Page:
Improvisation Lesson

by Nick Kellie

Lesson step:

  • main
  • Members only1
  • 2
  • Members only3
  • Members only4
  • Members only5
  • Difficulty: 7
Scrubbing / forward / rewind: arrow right, arrow left keys
Jump to start: Home or `s` , you can also click/tap the lesson part again (the numbers above player)
Go to next part: PageUP or End. ( iOS: swipe right or left over video )
Volume: ArrowUp / ArrowDown keys
Go to any part: Number keys (combinations also possible)
Pause or play: `k` or space key
Fullscreen: `f`, esc to close
  • Lesson
  • My notes
  • Statistics

  • Hi Chaps, great to be here again! This lesson we are taking a look at improvisation.
    I had some questions regarding improvising and where to get ideas, how to improvise, what scales to use etc. so I thought this would be an ideal way to bring my own ideas across.

    The video on this page is an improvisation I made over a 2 chord loop. The two chords in question are from different keys and therefore we cannot play 1 scale that will fit over both the chords. When the chord changes, the scale must change with it. If this is a concept you haven’t tried before then be sure to take your time and really make sure you hit the right notes at the right time, if you get the scales mixed up it will sound awful!

    The first thing we need to look at is the chord progression itself - here it is:

    E minor11 | Eb Major9#11

    Here is the interval formula for E minor11 - R b3 5 b7 9 11
    and here is the interval formula for Eb Major9#11 - R 3 5 7 9 #11

    First of all I will explain what a 9th and a #11 are. When we go up a scale 8 notes (assuming its a standard 7 note scale) we get back to the octave. Therefore a 9th is the same as a 2nd only 1 octave higher. So a #11 is a #4 - AKA b5.

    When improvising over any chord we need to know that our note choices for improvising don’t clash with the notes in the chord. So the safest way to make sure is to choose a scale which contains the same intervals as the chord. I should mention that as well as scales we can improvise with many different approaches - Arpeggios, Pentatonics, Diads etc..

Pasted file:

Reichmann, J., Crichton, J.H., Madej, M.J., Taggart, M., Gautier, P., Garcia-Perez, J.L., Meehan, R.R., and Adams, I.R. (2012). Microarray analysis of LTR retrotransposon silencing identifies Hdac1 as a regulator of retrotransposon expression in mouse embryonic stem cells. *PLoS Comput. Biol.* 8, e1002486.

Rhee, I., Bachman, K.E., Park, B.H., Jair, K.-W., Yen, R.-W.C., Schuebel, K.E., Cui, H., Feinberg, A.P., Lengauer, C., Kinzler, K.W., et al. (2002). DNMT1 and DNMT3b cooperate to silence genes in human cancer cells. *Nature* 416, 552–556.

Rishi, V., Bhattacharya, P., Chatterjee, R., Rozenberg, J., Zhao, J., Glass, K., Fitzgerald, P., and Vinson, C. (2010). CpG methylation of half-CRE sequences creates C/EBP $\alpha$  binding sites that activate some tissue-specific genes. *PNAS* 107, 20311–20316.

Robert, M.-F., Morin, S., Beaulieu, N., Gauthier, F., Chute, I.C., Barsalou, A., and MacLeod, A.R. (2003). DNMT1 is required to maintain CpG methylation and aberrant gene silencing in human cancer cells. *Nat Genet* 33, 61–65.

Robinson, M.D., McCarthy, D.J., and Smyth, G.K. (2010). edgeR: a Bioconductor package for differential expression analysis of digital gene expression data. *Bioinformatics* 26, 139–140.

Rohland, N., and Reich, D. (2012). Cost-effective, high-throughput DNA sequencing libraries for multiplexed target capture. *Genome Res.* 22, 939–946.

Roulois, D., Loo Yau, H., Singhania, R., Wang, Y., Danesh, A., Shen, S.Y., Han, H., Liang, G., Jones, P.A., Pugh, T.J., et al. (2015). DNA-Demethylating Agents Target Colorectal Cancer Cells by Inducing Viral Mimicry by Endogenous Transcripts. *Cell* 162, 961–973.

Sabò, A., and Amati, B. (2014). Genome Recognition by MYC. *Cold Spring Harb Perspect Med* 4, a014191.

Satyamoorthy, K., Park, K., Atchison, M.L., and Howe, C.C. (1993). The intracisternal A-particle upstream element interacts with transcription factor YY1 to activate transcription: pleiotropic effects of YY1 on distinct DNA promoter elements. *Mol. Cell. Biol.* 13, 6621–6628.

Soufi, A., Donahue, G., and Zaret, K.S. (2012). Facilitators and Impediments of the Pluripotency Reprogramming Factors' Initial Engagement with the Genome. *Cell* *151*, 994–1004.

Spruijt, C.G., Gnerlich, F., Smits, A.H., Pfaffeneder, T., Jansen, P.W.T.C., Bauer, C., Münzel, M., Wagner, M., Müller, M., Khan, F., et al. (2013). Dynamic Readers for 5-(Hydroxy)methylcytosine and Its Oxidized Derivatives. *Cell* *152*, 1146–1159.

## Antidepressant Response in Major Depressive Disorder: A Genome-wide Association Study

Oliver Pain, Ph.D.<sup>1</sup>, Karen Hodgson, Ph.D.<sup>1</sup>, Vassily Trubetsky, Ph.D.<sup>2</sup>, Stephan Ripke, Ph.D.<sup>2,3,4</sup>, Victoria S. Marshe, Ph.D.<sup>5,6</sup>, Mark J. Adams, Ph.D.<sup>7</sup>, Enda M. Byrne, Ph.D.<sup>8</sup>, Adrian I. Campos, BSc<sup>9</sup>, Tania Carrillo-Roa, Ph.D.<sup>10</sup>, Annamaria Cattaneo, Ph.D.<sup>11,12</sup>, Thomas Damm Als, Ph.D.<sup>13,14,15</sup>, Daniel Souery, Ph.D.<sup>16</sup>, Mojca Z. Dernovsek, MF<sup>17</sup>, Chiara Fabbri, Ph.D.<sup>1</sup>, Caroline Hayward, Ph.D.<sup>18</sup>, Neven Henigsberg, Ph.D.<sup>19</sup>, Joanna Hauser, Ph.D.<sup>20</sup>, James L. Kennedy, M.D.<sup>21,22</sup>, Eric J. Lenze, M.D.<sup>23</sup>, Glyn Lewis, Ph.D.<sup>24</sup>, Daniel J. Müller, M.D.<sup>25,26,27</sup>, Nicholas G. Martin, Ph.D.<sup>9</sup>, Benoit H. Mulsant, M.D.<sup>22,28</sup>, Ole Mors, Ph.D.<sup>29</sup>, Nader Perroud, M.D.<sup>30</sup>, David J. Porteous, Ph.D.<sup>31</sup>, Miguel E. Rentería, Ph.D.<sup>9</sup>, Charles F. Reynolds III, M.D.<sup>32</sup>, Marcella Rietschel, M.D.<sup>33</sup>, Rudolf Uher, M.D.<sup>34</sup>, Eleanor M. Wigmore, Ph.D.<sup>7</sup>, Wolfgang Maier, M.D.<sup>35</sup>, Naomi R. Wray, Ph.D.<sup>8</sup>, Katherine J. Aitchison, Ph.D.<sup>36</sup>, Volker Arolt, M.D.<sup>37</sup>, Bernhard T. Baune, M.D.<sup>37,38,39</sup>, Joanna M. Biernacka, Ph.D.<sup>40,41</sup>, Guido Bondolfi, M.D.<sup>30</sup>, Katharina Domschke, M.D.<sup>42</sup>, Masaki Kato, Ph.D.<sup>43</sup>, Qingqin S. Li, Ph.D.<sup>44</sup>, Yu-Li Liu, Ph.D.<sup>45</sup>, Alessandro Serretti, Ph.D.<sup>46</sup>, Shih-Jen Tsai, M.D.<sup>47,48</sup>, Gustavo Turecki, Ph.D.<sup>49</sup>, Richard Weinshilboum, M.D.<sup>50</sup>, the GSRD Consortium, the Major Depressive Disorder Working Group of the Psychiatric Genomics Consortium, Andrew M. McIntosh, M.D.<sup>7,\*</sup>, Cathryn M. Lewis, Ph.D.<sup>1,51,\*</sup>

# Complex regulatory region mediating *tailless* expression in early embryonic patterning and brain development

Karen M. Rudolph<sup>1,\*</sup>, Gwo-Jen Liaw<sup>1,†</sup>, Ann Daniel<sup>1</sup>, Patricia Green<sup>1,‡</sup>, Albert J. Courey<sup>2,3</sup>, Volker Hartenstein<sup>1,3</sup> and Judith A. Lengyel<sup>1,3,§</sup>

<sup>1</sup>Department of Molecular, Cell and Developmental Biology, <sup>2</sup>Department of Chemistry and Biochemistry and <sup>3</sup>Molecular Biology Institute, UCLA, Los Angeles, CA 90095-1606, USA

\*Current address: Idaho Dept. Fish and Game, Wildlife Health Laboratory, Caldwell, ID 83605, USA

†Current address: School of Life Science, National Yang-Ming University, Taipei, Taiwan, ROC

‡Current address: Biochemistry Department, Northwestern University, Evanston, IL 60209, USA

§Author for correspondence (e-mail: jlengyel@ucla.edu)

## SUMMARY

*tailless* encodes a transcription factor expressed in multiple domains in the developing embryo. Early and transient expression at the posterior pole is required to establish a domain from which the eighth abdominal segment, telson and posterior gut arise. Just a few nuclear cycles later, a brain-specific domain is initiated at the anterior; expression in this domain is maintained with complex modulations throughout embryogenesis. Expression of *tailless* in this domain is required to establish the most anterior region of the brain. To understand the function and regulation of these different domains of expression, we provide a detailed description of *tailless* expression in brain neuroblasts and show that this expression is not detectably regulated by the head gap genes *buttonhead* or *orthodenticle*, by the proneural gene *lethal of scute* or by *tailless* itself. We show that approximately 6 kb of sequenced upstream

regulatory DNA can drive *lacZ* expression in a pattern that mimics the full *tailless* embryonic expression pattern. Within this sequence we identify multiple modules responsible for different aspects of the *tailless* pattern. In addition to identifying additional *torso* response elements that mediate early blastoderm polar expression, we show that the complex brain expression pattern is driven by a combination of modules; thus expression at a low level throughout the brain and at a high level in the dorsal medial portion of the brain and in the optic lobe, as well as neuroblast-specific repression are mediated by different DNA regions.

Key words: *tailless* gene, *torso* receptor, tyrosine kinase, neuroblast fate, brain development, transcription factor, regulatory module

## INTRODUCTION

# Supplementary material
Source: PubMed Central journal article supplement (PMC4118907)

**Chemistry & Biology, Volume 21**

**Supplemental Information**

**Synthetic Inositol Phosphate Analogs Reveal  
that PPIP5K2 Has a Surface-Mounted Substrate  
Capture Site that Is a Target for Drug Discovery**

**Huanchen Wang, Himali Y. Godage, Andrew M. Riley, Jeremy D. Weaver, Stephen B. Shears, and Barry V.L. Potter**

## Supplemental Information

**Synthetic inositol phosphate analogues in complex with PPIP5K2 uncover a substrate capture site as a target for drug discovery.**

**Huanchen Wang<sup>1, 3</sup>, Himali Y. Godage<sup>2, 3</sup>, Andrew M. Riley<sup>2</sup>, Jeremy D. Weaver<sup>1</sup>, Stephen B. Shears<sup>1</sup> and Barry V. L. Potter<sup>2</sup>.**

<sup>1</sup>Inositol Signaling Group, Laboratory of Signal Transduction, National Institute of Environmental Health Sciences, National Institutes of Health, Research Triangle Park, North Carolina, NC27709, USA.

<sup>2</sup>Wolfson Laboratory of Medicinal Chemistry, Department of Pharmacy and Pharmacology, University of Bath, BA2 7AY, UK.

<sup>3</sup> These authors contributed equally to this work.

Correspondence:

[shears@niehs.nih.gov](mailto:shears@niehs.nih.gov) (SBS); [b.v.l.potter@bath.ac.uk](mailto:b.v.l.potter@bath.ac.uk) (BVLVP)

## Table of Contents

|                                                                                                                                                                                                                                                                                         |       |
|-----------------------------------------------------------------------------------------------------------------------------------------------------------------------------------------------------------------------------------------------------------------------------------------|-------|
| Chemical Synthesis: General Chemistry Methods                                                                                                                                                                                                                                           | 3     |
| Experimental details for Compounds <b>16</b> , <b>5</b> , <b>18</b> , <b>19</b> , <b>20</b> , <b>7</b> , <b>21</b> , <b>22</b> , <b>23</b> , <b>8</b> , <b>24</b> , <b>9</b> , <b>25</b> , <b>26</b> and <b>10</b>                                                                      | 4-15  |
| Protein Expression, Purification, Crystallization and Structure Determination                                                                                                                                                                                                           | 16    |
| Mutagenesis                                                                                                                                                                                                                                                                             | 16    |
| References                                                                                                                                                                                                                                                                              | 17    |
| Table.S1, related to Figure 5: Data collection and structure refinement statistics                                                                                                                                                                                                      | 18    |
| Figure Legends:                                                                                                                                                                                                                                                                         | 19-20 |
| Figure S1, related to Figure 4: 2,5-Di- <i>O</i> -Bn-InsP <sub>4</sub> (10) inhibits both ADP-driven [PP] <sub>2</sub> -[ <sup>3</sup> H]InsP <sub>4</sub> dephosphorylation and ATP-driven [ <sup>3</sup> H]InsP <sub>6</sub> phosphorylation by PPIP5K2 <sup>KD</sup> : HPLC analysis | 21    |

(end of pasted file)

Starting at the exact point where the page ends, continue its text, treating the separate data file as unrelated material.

Lets take a look at our chord intervals and see which mode would fit with which chord. So first the E minor 11.. there are 3 minor modes in the major scale. Dorian, Phrygian and Aeolian. We cannot use phrygian with the E minor 11 chord because the chord contains a 9th whereas the scale contains a b2 - AKA b9. The result would be catastrophic! We can however use Dorian and also Aeolian.. I personally chose dorian because it has a edgy and bluesy feel to it... and also because its transition into the next chord seems smoother.

    The next chord is Eb Major9#11... there is only one mode of the major scale that contains both a #11 and natural 7 and that is the Lydian mode.

    Throughout this lesson I will be talking you through my mental and theoretical approach to improvisation which will include thematic development and interval stacking.

    This lesson is a little different in that I am encouraging you to improvise as opposed to learning a set solo, therefore I have outlined various concepts with a series of licks for you to try out and implement in your own way.

    Good luck and speak soon!

    E Dorian.jpg

    Eb Lydian.jpg
  • Login to use my notes. No GMC account? Register here.
  • Members practicing this lesson

    REC Takes

      This lesson does not have any REC takes yet.
      Here is how to submit one.

    Lesson views

    • Total views: 0
    • Member views: 0
    • Guest views: 0